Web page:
I've previously written about sales compensation, with the average salesperson earning $96,000, a good salespeople earning $135,000 (varies by industry and geography) and poor and entry level salespeople earning around $67,000. Several companies have recently asked me about how to hire salespeople when you can't afford to pay even the entry level sales compensation.
Case Study number one is a start-up with a complex sale. By complex we're talking long sell cycles with a high-ticket sale. By start-up we're talking unproven and challenging to sell. Straight commission isn't an option here because it could take 18 months before the sales begin coming in. How is a salesperson supposed to survive for 18 months? A base salary for 18 months isn't an option either because the company doesn't have any revenue (or any funding). The only hope this company has of finding a good salesperson is to offer equity. And when equity is on the table there is no room for error. Selection excellence becomes critical!
Case Study number two has money but it's not realistic for a new salesperson to generate enough revenue to earn more than $45,000. While that's well below entry level money, this is a great example of two possible compensation exceptions. First, there is virtually no ramp-up time because the sell cycle is so short, so the salesperson can actually begin making sales the first week. That makes straight commission very viable. This easy-to-make sale makes it possible for even an inexperienced salesperson, one who would welcome $45,000, to be effective, as long as they are well suited for selling in a short sell cycle. Once again, selection becomes critical, with no room for error.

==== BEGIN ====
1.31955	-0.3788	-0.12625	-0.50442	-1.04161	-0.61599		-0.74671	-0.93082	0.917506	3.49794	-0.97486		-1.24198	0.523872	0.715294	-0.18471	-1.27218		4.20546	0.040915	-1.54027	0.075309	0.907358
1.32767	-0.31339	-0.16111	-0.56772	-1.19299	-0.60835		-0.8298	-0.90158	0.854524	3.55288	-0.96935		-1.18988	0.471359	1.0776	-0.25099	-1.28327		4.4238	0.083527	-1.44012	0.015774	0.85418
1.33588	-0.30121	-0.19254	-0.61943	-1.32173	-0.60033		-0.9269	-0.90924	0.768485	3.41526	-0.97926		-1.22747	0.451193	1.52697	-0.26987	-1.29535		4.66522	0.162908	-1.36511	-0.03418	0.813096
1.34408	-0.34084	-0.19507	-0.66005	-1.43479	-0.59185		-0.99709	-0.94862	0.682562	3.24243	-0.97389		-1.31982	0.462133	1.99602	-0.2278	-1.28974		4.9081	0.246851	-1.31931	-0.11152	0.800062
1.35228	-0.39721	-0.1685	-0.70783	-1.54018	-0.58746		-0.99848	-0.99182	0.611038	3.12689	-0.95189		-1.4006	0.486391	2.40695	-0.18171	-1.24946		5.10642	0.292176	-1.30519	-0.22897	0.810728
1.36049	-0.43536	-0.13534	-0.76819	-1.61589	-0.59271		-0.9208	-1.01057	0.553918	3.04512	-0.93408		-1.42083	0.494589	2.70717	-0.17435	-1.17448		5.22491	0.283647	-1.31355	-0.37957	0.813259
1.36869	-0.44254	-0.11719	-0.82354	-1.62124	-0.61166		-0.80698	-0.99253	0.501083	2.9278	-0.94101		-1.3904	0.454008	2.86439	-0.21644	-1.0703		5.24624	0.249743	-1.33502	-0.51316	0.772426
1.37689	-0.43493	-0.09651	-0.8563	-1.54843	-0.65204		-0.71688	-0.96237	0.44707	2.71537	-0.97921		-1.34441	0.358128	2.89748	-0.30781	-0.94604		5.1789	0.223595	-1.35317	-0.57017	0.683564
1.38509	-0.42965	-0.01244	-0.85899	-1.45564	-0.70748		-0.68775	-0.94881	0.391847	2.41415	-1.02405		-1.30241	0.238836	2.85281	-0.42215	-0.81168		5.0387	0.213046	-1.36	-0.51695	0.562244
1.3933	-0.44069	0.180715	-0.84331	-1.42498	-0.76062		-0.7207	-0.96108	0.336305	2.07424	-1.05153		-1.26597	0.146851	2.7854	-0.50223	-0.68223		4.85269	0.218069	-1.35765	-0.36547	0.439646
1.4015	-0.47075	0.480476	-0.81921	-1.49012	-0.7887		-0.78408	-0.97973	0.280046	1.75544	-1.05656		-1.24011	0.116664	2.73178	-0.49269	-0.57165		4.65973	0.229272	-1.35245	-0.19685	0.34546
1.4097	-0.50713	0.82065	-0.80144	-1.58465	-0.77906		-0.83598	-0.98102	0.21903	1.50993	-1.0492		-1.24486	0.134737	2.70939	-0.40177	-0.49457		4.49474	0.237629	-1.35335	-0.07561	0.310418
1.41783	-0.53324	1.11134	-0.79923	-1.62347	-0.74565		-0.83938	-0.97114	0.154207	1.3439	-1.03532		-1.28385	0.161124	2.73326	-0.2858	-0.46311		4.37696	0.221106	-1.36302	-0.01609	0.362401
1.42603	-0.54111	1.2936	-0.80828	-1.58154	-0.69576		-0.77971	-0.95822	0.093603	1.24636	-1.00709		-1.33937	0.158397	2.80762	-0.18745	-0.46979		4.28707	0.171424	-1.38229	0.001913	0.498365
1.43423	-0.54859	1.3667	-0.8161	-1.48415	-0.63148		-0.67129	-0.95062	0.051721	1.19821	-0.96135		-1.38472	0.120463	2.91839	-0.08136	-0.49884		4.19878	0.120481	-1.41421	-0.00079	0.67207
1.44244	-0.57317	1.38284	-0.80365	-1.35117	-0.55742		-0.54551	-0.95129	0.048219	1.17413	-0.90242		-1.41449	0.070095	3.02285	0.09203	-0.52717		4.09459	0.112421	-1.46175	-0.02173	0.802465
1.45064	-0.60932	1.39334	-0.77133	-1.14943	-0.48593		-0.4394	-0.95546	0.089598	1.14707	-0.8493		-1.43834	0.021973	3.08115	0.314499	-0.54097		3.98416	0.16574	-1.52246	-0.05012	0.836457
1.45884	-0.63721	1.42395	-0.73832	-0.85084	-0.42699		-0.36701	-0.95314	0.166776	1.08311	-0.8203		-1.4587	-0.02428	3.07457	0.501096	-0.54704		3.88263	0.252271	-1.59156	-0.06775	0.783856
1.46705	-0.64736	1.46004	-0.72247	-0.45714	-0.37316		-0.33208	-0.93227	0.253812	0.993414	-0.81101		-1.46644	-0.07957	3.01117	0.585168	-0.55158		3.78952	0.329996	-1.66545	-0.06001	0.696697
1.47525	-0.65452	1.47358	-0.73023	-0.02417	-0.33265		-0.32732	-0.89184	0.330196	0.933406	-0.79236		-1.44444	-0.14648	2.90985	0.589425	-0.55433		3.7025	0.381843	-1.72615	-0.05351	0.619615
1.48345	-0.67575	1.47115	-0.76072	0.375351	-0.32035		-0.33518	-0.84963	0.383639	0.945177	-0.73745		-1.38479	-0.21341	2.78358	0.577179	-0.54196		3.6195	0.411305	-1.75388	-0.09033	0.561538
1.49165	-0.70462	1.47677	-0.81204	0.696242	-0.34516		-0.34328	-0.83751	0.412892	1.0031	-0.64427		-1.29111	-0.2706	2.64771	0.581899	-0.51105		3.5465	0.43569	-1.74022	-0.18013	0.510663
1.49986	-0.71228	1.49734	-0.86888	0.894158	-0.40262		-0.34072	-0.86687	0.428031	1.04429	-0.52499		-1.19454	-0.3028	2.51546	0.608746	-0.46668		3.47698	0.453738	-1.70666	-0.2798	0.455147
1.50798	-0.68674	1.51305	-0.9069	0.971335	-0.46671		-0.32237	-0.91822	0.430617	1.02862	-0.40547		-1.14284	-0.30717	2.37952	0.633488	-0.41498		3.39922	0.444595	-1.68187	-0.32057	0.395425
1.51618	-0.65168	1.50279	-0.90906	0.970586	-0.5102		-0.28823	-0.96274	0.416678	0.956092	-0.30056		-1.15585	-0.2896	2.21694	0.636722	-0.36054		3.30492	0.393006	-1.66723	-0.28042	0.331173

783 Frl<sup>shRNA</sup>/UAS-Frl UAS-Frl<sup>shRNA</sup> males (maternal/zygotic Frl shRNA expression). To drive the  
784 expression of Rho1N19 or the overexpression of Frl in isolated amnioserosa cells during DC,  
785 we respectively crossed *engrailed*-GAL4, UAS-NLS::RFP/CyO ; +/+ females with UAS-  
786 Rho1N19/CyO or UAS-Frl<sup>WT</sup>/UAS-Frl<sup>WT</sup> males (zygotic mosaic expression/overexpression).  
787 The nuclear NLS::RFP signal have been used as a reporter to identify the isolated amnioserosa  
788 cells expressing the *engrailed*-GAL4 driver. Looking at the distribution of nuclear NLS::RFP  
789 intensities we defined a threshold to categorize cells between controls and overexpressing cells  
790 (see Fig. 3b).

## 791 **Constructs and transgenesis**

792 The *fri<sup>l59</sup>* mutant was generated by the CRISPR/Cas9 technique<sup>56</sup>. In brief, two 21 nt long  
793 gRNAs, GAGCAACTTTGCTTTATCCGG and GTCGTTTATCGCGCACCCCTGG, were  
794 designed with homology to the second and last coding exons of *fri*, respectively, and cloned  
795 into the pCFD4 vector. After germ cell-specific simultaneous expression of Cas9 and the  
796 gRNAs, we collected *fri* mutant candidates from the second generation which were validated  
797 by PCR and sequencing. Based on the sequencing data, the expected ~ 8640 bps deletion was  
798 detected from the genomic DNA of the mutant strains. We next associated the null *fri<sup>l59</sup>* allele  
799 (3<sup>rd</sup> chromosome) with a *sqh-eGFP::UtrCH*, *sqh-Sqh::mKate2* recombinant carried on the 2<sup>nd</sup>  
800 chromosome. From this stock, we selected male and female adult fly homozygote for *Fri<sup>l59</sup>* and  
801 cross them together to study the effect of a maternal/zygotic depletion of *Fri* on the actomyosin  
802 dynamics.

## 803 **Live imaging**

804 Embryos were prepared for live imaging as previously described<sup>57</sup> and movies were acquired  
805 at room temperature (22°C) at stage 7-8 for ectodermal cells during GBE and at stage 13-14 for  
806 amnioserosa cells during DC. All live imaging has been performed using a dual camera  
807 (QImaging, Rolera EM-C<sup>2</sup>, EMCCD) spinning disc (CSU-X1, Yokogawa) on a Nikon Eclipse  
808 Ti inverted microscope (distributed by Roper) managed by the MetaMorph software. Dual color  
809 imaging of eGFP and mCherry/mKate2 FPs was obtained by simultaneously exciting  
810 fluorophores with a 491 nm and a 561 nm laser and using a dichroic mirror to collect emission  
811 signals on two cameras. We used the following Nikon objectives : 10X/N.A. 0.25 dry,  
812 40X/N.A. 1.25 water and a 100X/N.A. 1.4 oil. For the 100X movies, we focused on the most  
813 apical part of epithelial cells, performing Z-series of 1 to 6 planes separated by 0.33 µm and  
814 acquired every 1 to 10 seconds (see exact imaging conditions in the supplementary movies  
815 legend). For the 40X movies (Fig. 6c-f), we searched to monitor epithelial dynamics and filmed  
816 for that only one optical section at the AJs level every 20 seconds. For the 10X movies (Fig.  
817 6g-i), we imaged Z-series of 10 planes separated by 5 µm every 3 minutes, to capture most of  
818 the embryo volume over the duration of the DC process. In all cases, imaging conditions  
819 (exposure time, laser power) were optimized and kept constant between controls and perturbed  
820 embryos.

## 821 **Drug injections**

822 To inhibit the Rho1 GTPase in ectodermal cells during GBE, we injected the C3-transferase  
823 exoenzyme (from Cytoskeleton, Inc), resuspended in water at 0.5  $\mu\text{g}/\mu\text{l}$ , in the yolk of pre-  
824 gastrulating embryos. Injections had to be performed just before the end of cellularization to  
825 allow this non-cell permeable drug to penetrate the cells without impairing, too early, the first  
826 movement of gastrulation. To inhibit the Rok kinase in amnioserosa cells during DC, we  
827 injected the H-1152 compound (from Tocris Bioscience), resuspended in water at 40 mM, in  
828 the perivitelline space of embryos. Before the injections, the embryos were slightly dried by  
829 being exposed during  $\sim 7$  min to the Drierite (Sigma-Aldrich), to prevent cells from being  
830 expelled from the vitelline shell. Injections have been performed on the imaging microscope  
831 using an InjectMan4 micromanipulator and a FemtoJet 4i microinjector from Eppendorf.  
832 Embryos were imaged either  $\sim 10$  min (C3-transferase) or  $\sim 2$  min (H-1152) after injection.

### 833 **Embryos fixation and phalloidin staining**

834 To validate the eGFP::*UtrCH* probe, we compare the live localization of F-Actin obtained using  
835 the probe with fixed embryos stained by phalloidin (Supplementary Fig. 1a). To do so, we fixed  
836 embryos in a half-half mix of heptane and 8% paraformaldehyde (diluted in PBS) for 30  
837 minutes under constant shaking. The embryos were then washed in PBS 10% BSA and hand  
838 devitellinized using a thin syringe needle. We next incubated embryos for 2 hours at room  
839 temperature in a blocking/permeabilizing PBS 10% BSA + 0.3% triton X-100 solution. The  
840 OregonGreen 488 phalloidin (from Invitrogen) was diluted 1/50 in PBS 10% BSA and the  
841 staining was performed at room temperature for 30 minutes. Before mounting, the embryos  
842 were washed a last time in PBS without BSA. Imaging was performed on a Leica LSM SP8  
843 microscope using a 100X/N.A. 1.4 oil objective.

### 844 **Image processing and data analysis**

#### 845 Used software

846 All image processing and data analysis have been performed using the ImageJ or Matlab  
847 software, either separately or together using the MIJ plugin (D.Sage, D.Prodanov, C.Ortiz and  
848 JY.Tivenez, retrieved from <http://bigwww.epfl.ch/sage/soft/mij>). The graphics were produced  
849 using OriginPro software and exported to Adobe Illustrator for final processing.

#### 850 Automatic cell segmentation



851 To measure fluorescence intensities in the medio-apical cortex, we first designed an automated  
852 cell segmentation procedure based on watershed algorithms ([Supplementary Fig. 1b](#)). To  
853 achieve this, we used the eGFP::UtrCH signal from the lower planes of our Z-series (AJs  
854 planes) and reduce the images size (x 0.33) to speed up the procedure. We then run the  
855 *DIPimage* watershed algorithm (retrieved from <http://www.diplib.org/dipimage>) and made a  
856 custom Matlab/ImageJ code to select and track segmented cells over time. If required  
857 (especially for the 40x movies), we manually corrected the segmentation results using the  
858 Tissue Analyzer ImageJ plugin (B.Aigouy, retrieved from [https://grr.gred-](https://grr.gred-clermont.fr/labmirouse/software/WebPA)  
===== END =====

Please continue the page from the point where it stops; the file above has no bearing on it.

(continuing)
Sales compensation is difficult enough in normal situations. It becomes even more difficult when the organization doesn't fit into the normal category so the big difference maker is your sales selection tool.
© Copyright 2007 Objective Management Group, Inc.